Proposed bill would extend the statute of limitations


By Tom Chapman
For The Catholic Messenger

Tom Chapman, executive director of the Iowa Catholic Conference, reports that a bill has been introduced in the Iowa Senate that would extend the statute of limitations for victims of sexual abuse to file a lawsuit.

“Sexual abuse is a horrible crime and has caused grievous harm to victims. Unfortunately, sexual abuse is not uncommon in our society, and the Catholic Church has had to learn some painful lessons of its own over the years,” he said.

The proposed bill, Senate File 107, would take away statute of limitations deadlines for a period of three years. Iowa’s current law allows for victims to file a lawsuit against perpetrators and institutions for four years after they discover the injury caused by sexual abuse. This can be many years later.


“Even though very important claims are at stake, statutes of limitations exist because of fairness. Evidence gets old. Memories fade, records are lost or never found, and witnesses die,” Chapman said. “The passage of time makes it very difficult for any accused person or institution to defend themselves, including those instances where the institution was not aware of any abuse. What has been learned over the years has changed how we operate as a church. Pastoral outreach to victims and the protection of children are priorities. The Catholic Church is among the safest environments for children today. Senate File 107 puts the social services and educational work of the church at risk.”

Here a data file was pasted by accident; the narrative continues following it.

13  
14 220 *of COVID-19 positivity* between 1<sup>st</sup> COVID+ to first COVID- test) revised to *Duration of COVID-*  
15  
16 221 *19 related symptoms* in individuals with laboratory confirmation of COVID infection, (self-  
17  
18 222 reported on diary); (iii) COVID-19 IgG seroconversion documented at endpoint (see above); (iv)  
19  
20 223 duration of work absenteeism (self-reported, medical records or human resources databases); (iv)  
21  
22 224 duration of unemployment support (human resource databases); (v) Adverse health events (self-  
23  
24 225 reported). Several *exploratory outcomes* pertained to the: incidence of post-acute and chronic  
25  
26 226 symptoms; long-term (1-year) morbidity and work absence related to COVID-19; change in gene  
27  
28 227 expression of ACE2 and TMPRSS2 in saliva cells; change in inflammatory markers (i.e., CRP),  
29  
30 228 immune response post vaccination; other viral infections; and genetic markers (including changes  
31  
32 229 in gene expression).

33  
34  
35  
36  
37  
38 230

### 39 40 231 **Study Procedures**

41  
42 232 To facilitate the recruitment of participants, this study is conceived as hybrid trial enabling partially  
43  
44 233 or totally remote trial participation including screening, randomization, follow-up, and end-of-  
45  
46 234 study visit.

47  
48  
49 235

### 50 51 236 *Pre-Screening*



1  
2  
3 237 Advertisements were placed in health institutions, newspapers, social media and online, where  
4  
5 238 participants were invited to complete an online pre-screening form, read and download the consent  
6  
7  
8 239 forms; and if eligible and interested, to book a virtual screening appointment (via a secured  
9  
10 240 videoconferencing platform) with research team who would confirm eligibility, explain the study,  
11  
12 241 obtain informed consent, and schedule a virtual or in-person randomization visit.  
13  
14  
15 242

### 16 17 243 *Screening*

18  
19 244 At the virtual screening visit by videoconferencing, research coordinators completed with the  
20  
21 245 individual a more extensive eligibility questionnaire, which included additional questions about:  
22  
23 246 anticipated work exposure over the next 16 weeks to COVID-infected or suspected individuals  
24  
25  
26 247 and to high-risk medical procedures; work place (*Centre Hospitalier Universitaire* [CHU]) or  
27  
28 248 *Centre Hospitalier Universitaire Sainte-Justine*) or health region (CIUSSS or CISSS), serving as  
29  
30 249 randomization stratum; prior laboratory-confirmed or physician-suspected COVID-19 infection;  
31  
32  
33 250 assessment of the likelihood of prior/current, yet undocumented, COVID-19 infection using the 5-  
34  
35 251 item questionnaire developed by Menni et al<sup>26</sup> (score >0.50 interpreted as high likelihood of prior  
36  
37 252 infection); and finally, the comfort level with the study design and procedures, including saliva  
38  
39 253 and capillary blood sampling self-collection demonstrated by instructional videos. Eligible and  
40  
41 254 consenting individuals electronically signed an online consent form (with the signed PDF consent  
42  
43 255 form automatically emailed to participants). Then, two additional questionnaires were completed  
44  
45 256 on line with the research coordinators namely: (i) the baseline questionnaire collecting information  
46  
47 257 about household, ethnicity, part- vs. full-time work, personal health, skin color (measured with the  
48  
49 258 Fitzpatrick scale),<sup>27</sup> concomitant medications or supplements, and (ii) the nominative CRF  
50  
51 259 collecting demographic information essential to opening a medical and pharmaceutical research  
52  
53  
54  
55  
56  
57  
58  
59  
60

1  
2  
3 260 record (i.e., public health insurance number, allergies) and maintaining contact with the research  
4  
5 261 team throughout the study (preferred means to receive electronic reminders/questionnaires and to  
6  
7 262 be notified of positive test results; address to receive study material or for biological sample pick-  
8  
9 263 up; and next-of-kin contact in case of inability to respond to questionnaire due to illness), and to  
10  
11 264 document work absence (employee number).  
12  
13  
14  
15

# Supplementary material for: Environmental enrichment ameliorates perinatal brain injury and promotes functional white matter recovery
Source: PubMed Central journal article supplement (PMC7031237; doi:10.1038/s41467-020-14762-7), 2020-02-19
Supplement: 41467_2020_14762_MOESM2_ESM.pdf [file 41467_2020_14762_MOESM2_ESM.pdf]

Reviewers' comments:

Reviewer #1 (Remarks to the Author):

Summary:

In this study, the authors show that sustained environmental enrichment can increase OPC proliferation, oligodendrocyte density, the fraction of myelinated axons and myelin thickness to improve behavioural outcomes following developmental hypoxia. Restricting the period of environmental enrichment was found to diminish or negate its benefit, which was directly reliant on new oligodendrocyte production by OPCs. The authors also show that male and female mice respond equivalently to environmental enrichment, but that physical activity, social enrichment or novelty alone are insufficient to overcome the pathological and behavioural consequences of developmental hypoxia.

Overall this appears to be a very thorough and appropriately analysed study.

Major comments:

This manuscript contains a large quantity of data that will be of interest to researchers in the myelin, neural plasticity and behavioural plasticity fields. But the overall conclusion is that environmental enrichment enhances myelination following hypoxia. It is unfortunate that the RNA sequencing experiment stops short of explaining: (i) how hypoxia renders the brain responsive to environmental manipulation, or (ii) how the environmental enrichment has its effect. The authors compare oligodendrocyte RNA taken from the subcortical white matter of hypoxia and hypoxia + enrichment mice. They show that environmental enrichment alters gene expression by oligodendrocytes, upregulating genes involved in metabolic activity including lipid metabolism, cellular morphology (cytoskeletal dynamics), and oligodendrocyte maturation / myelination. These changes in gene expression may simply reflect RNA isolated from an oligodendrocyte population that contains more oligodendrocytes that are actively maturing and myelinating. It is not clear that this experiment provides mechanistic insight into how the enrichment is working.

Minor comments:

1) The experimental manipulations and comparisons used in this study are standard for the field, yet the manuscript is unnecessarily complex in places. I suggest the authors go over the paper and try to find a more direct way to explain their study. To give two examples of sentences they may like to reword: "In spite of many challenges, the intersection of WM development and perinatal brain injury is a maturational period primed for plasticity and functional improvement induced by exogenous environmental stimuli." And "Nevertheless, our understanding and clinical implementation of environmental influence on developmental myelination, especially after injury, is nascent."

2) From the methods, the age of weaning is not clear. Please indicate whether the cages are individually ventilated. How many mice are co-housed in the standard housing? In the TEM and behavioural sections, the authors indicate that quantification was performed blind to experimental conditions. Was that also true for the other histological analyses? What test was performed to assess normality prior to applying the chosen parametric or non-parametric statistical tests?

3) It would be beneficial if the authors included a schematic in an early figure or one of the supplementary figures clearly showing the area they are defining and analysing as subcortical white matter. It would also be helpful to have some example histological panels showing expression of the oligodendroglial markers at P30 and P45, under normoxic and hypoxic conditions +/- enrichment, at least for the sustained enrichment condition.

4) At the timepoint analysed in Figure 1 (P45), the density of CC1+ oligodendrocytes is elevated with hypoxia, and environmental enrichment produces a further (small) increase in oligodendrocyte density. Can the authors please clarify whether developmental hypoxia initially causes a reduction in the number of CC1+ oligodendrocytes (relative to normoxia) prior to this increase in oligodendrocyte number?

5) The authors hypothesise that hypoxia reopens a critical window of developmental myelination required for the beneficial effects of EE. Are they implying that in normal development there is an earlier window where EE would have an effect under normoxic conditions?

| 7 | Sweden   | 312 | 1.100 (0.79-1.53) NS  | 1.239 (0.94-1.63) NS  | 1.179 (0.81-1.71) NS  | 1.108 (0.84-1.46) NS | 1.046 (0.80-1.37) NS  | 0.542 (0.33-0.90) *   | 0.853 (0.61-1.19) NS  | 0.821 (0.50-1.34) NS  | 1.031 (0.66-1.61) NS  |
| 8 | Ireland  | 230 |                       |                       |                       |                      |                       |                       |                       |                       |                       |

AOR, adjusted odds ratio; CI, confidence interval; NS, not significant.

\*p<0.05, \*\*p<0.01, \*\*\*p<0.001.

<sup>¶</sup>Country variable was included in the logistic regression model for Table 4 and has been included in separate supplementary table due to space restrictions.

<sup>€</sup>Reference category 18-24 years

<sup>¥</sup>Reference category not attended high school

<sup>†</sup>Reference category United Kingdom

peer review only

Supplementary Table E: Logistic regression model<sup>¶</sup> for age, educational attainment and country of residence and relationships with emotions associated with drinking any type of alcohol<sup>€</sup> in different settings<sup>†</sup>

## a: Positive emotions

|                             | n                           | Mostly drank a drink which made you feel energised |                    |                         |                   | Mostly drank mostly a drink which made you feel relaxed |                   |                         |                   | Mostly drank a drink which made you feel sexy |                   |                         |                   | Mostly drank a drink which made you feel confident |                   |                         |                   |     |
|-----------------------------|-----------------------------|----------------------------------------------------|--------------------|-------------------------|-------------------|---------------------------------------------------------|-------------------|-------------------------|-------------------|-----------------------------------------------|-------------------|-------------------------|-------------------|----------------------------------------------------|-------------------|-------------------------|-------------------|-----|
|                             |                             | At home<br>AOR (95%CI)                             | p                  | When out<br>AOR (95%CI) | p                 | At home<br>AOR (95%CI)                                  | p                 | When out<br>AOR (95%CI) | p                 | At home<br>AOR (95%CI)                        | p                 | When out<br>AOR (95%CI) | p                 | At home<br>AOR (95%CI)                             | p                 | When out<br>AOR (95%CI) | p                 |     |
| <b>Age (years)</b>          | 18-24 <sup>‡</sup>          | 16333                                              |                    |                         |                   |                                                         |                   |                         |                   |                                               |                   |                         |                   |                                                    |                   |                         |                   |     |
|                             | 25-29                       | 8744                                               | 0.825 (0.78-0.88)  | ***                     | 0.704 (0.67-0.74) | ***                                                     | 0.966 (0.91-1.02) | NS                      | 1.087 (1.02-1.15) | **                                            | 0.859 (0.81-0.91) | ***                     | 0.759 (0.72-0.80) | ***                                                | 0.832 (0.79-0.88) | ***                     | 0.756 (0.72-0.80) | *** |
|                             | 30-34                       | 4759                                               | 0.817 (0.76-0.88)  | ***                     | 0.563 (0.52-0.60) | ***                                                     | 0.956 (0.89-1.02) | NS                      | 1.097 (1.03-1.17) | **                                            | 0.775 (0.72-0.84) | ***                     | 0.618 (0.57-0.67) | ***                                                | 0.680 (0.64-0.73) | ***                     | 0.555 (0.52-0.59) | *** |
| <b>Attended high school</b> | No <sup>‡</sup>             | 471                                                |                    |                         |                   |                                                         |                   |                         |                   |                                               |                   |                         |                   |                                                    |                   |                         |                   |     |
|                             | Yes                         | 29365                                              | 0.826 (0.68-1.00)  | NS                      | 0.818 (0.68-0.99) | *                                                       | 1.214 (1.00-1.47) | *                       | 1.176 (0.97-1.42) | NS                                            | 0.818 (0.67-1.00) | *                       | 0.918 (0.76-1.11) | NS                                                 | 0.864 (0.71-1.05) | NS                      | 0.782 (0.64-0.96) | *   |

He said the ICC will be keeping an eye on the bill and providing updates.

In other legislative news, Senate Study Bill 1092 would allow undocumented residents of Iowa to obtain a provisional driver’s license if they meet certain criteria. They must have an unexpired passport or an official identification card issued by a foreign government. They also must pass a test.

“Many immigrant families today are in a difficult position: they want to be able to fulfill their basic obligations to their family, but do not want to risk family separation by being detained or deported for driving without a license. The ICC supports Senate Study Bill 1092,” Chapman said. “Allowing people to receive a license after testing is a safety benefit for all of us, and an everyday necessity for many who need to keep a job. The proposed bill would improve roadway safety by ensuring that all drivers are tested regarding their driving skills, know the rules of the road, and have access to mandatory insurance.”

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